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Best places to work in money management

Everyone needs to know who will be next in line

Voya’s Michael Pratt said succession plans can ease angst that employees might have.

Firms recognize importance of how succession planning eases potential staff anxiety

Voya Investment Management likens successful succession planning to a waterfall.

When its CEO said in 2016 that he was leaving to take a position with another firm, the firm moved quickly and promoted from within, naming Christine Hurtsellers to the top spot.

That promotion set off a cascade of changes, with Matt Toms moving into Ms. Hurtsellers' former role as chief investment officer, fixed income.

"We saw a long waterfall effect — the CEO of the organization changed, was promoted from within from CIO of our fixed-income platform. That person stepped up and a variety of other people stepped up," said Michael Pratt, head of human resources for the investment business, based in New York.

"We probably hired to (the) analyst level" due to that preparation. "We were able to implement multiple succession plans without a lot of angst because we had plans."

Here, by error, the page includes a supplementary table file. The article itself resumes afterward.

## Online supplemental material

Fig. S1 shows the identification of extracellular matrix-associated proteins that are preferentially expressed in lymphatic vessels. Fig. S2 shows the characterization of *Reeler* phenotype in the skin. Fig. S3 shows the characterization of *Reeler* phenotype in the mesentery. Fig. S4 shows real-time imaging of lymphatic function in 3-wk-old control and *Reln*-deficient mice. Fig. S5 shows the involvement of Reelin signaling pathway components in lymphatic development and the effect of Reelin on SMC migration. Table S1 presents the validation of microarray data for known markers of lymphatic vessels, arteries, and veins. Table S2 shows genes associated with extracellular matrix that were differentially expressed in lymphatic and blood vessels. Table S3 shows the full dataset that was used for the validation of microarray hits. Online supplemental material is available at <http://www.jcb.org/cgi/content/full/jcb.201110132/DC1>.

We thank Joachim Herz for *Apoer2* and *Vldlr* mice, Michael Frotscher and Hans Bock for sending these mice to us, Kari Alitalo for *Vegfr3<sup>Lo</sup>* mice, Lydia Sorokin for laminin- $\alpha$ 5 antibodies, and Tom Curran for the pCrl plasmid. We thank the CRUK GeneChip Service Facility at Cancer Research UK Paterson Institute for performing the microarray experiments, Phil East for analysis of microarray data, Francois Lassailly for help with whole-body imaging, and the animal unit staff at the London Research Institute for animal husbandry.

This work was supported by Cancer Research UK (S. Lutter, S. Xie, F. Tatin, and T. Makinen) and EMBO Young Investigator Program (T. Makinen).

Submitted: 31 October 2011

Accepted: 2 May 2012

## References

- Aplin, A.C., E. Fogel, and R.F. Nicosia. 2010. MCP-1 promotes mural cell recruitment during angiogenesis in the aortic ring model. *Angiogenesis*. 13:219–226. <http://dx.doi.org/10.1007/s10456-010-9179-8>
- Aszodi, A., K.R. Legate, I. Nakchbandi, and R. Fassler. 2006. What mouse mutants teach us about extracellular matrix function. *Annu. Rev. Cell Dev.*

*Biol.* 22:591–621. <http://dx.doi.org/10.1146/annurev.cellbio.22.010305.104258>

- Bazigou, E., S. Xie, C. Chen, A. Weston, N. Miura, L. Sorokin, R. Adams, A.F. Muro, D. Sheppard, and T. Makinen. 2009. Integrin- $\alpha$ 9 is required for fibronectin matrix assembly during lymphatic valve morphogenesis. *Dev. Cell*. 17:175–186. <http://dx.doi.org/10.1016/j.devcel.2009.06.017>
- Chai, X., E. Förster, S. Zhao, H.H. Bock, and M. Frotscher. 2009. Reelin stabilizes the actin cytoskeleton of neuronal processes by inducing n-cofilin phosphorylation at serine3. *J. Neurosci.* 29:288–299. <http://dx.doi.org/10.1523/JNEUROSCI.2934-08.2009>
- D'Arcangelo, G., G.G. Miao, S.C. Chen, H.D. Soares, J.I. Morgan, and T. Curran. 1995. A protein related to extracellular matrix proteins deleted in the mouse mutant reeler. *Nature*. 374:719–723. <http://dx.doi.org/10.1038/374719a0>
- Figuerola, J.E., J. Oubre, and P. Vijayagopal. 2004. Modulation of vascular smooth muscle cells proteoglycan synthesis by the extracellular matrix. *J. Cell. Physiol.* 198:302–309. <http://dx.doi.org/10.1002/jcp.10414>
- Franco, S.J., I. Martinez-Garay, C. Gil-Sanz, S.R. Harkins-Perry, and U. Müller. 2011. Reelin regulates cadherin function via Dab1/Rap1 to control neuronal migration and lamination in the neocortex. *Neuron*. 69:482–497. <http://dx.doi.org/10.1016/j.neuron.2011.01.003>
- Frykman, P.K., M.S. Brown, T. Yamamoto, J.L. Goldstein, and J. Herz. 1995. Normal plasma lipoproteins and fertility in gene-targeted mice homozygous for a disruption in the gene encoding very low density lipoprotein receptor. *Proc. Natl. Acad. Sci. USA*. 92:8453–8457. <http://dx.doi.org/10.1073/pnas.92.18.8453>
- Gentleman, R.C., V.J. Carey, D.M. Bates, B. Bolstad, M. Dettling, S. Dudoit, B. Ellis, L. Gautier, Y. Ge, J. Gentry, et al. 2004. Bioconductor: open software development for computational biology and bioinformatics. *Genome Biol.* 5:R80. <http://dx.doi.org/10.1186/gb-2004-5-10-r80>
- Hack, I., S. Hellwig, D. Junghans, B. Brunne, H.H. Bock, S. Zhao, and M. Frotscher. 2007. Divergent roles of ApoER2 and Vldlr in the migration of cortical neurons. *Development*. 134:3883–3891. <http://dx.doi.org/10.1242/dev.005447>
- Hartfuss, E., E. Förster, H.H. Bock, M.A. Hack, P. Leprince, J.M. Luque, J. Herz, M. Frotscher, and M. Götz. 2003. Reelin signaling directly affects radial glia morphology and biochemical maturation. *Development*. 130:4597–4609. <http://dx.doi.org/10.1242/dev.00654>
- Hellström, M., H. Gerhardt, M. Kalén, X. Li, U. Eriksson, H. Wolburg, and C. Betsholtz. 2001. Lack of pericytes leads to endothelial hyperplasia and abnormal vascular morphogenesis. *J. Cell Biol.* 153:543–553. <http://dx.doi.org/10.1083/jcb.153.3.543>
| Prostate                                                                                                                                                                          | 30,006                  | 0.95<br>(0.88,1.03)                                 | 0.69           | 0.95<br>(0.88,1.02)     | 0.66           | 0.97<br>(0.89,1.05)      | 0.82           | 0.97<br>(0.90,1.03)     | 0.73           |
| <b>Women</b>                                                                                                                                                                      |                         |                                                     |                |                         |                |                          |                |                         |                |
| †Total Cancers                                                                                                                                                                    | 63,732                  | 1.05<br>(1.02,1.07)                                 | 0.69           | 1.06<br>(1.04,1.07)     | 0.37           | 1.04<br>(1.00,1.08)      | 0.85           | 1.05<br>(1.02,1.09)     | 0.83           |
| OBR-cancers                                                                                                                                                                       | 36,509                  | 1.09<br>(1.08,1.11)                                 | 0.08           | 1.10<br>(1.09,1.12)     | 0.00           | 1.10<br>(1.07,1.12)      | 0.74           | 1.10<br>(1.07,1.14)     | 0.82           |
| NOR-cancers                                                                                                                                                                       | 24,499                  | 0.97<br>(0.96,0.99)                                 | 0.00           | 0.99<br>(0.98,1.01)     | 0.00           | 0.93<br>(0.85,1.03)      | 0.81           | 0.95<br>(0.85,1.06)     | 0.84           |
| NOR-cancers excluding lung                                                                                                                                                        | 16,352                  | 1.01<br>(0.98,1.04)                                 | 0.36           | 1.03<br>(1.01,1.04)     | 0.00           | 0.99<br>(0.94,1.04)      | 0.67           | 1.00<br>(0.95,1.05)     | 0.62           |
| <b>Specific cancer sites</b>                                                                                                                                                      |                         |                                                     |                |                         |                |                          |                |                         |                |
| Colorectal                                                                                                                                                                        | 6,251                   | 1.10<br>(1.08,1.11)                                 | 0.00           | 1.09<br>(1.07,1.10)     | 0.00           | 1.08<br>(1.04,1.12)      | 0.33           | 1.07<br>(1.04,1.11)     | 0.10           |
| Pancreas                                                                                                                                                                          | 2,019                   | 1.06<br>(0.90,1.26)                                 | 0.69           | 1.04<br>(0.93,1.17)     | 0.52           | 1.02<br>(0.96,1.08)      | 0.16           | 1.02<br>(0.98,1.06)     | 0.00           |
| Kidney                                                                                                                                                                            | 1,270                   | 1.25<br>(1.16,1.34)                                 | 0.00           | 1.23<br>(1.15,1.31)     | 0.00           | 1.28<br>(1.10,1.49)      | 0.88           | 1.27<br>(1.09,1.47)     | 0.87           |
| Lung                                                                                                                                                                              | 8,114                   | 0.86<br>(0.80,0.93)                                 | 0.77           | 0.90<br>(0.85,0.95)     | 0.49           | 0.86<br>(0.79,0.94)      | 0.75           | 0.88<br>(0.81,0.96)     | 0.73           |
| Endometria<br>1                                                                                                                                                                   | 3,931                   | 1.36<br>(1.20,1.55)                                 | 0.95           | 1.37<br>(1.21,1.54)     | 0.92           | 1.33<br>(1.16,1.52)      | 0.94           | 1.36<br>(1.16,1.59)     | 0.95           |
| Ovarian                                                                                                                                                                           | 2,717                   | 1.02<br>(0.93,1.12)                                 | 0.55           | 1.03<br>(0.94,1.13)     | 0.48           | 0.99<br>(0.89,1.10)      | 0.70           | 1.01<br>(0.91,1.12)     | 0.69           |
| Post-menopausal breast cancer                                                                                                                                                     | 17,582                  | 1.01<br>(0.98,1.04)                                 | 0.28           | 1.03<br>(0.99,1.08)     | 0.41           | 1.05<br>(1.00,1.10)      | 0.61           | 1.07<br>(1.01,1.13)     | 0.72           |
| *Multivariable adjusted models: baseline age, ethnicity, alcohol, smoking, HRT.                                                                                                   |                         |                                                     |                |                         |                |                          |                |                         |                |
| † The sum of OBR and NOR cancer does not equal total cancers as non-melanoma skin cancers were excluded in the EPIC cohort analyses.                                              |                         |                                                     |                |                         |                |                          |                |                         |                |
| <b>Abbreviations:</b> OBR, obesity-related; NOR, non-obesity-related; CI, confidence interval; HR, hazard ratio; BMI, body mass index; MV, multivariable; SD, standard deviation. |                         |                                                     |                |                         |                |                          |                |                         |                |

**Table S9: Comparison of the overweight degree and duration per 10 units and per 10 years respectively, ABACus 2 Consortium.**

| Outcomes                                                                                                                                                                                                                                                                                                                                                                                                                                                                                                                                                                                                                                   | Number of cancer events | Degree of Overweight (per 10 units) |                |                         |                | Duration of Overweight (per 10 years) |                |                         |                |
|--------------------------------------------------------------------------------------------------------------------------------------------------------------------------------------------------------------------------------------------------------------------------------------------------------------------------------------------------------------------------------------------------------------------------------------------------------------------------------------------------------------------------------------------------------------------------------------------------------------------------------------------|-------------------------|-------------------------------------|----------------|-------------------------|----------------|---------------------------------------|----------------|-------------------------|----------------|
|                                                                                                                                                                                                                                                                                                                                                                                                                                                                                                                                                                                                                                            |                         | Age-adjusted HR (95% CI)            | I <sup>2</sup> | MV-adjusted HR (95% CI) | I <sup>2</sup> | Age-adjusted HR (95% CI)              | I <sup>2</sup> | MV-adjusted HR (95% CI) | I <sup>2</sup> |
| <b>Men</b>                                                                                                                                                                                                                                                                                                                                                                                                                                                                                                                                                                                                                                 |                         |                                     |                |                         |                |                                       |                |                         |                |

Voya is not alone in recognizing the importance of succession planning to its business. Among the 69 firms named on Pensions & Investments' 2018 Best Places to Work in Money Management list, just 11 said they do not have a formalized program and/or practice for succession planning.

To craft succession plans and ensure that employees are ready to move up when positions present themselves, firms take a variety of approaches on both an annual and ad-hoc basis, including senior leadership meetings that plan for transitions as well as work shadowing and personal coaching to build skills of lower and middle mangers.

At Voya and Chicago-based Adams Street Partners LLC, for example, the work to iden- tify tomorrow's leaders takes place on an annual basis.

Carolyn Flanagan, partner and head of human resources for Adams Street, a private markets firm, said its process "drives future staffing and development priorities for a variety of key roles at the firm."